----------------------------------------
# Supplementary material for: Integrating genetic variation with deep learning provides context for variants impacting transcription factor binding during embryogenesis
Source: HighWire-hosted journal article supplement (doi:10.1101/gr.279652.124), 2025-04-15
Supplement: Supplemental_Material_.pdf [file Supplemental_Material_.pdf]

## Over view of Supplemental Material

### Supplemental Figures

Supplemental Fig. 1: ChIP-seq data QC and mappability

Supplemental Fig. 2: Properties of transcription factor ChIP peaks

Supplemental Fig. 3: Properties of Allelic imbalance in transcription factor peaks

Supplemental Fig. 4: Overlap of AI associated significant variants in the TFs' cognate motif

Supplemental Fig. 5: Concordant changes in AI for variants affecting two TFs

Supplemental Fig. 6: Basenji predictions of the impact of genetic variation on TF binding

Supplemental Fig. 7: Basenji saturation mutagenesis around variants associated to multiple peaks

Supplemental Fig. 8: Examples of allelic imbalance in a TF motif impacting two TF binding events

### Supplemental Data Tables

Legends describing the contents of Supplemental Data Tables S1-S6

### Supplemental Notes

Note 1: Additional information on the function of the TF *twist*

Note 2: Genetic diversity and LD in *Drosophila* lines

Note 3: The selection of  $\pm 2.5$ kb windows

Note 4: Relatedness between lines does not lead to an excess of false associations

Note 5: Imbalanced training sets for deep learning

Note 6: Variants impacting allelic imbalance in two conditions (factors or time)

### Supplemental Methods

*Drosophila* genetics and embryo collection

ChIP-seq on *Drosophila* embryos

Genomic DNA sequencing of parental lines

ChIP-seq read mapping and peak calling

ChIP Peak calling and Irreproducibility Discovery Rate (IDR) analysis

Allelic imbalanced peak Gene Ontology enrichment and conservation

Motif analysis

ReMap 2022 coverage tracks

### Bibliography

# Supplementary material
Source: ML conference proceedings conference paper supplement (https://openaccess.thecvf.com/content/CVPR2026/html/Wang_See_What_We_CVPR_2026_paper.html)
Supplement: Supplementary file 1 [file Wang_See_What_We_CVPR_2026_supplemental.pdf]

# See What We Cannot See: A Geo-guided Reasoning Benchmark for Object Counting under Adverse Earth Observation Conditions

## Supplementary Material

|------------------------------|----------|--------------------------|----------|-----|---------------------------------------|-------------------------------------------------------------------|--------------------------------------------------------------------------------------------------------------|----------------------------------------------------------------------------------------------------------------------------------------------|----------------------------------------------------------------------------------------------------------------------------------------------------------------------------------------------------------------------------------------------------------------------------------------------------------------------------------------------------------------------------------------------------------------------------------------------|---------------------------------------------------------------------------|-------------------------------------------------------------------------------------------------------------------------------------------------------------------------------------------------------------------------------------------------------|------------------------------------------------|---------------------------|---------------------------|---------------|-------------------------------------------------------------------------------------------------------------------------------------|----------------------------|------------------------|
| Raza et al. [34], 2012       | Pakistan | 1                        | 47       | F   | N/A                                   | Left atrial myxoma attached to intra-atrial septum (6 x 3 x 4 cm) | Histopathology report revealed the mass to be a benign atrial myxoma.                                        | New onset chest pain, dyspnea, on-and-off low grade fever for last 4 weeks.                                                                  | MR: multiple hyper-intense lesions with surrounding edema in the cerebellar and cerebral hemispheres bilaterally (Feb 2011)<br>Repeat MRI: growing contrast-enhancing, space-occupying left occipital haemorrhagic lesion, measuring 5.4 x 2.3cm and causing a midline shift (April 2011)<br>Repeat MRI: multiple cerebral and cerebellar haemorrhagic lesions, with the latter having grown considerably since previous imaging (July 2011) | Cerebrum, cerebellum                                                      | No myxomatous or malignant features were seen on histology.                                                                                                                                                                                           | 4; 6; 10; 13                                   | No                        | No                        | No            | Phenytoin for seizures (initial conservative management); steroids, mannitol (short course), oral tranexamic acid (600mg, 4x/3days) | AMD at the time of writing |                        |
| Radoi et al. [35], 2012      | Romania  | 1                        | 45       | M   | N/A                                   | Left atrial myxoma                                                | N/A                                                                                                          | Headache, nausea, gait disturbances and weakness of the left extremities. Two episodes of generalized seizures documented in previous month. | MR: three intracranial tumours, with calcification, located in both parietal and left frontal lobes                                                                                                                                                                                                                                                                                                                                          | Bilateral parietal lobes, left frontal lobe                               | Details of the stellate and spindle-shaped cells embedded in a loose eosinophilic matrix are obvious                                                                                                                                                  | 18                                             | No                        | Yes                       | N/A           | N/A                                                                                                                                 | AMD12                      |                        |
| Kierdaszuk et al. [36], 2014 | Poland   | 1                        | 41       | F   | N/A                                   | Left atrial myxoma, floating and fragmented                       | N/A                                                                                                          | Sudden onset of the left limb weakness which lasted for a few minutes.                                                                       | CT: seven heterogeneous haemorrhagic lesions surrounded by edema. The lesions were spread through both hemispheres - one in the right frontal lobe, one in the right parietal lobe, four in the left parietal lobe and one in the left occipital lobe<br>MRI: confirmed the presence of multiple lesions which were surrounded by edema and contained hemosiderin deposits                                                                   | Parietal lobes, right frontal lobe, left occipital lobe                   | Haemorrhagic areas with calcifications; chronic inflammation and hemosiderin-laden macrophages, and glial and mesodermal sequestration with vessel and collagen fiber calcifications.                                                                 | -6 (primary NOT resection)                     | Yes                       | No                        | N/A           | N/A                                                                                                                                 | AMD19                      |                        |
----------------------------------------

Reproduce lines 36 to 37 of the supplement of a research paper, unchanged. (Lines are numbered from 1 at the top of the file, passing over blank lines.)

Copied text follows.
# See What We Cannot See: A Geo-guided Reasoning Benchmark for Object Counting under Adverse Earth Observation Conditions

## Supplementary Material